For still others, the horrors of the war painfully underscored why they had been ideologically attracted to Esperanto long before the outbreak of hostilities in 1914. International solidarity and fraternity – not to mention an avowed commitment to pacifism – had inspired many Esperantists in the decades prior to the launch of the Great War. While many Esperantists themselves were sent to the front, the Universal Esperanto Association (UEA) in Geneva quickly stepped in to provide practical services in the aid of the worldwide Esperantist community. As Miroslav Malovec shows, the UEA energetically managed the transfer of letters and parcels during the war. In this way, it sought in the wartime context to uphold the humanitarian ideals of Esperanto that had attracted many to the movement in the first place. Likewise, Javier Alcalde’s research highlights the wide range of ways that Esperantist associations – of all ideological stripes – sought to make practical humanitarian use of the international auxiliary language during the war. Alcalde reminds us of Esperantists who deserve far more historical attention than has been afforded them so far – the feminist Esperantists in particular. He also reminds us that many pacifist Esperantists struggled all throughout the war to continue their campaigns for peace. They remained ideologically faithful to their cause even, in the early months of the war especially, when this was a cause that earned them society’s condemnation or, in the case of Esperantist conscientious objectors, jail terms.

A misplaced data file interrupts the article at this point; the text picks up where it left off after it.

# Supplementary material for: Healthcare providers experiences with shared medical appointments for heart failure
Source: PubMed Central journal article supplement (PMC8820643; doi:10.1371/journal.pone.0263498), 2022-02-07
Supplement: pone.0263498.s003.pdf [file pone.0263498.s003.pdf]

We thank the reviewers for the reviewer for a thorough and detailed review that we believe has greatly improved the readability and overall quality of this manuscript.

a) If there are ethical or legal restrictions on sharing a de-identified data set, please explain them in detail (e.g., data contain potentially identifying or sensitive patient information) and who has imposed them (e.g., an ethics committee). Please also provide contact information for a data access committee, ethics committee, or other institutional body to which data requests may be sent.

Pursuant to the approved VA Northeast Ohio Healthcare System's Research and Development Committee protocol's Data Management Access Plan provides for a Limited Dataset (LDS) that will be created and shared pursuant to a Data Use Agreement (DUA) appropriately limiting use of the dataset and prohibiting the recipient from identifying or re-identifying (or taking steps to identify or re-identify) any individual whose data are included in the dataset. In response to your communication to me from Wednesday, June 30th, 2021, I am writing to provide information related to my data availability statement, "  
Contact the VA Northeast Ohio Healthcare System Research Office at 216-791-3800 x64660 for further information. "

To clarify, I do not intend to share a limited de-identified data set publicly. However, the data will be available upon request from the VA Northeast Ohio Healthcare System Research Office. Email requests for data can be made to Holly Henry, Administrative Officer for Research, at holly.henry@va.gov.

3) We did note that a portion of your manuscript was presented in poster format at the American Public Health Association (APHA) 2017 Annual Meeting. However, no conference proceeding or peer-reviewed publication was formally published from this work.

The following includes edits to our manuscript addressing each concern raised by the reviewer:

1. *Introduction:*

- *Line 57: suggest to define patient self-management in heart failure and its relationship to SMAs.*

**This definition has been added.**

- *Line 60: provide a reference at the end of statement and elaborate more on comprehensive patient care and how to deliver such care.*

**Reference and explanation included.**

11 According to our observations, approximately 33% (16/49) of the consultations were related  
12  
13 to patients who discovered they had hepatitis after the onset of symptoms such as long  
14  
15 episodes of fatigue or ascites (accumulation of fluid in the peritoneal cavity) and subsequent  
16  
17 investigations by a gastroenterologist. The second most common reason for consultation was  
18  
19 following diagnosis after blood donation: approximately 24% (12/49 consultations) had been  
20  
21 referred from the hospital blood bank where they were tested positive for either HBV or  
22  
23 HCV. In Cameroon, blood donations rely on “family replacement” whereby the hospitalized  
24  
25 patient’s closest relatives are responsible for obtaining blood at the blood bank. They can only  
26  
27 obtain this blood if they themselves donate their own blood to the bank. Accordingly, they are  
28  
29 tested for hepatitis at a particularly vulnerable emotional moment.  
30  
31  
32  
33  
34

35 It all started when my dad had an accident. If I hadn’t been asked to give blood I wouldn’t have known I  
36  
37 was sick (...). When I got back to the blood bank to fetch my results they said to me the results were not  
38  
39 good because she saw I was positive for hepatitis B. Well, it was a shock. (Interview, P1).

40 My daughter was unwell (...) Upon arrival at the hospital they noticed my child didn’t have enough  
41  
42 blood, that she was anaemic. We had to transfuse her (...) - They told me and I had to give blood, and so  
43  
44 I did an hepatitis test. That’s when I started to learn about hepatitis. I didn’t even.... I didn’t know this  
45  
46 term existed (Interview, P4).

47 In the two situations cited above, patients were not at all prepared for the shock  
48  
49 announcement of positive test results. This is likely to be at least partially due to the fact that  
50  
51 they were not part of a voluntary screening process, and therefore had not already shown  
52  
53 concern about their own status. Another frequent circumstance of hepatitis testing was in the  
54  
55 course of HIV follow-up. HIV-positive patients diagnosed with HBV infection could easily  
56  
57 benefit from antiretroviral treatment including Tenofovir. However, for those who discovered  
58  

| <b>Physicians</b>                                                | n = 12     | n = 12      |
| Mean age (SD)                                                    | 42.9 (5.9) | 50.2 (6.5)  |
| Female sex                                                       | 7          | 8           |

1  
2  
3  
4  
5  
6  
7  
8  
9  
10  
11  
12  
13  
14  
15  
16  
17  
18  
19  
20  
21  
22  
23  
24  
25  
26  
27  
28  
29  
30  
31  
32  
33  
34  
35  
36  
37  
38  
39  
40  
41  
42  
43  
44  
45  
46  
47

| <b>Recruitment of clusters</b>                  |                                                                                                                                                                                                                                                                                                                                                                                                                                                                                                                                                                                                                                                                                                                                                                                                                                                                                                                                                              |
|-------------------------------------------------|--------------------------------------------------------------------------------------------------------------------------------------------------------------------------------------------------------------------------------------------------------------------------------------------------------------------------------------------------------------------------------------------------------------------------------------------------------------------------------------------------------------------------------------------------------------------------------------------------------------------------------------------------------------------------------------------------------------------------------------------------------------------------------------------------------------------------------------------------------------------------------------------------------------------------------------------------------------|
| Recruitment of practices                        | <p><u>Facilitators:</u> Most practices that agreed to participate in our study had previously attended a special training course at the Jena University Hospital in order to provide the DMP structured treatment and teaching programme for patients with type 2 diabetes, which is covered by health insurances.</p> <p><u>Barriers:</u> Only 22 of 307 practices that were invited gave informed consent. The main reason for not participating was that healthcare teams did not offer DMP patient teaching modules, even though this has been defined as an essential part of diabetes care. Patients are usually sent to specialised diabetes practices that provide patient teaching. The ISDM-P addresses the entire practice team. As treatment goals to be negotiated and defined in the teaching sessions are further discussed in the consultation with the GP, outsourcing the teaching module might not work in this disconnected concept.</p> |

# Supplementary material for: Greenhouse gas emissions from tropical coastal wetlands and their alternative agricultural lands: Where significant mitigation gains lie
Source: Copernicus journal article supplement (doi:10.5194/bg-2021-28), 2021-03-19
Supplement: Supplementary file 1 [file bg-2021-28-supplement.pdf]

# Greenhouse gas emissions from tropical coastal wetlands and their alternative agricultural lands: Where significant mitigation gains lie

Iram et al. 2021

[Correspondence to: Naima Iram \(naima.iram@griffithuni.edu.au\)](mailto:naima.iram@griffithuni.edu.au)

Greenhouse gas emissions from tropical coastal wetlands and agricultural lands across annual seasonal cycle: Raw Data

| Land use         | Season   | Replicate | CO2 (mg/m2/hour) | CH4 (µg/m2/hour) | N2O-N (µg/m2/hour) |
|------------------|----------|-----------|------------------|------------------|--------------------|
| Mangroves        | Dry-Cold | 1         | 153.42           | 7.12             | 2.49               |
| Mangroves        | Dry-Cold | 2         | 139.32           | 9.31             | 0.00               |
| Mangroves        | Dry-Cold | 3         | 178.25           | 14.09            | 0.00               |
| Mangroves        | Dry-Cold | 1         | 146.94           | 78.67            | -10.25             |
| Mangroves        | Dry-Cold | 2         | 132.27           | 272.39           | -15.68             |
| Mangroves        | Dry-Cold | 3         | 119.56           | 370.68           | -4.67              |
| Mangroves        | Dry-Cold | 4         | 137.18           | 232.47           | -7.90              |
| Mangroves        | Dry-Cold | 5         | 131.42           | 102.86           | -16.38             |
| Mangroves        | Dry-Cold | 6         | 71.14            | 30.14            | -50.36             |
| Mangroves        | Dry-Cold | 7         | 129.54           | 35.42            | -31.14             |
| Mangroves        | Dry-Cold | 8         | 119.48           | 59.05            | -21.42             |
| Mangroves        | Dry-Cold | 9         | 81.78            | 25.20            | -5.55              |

As several of the contributors to Antaŭ unu jarcento: La granda milito kaj Esperanto explicitly note, Esperantism enjoyed a renewed energy – or to be more precise, renewed energies – after the astonishingly senseless bloodshed of the Great War was brought to a close. A historian could be forgiven for being tempted to ask, “how could this not be so?” instead of the more professional query, “why was this so?” While reading this collection of essays and testimonies, I was reminded of a simple poster I found in the archives of the former Soviet Union. Dated September 1919, the austere poster – all text and printed on cheap paper – declared: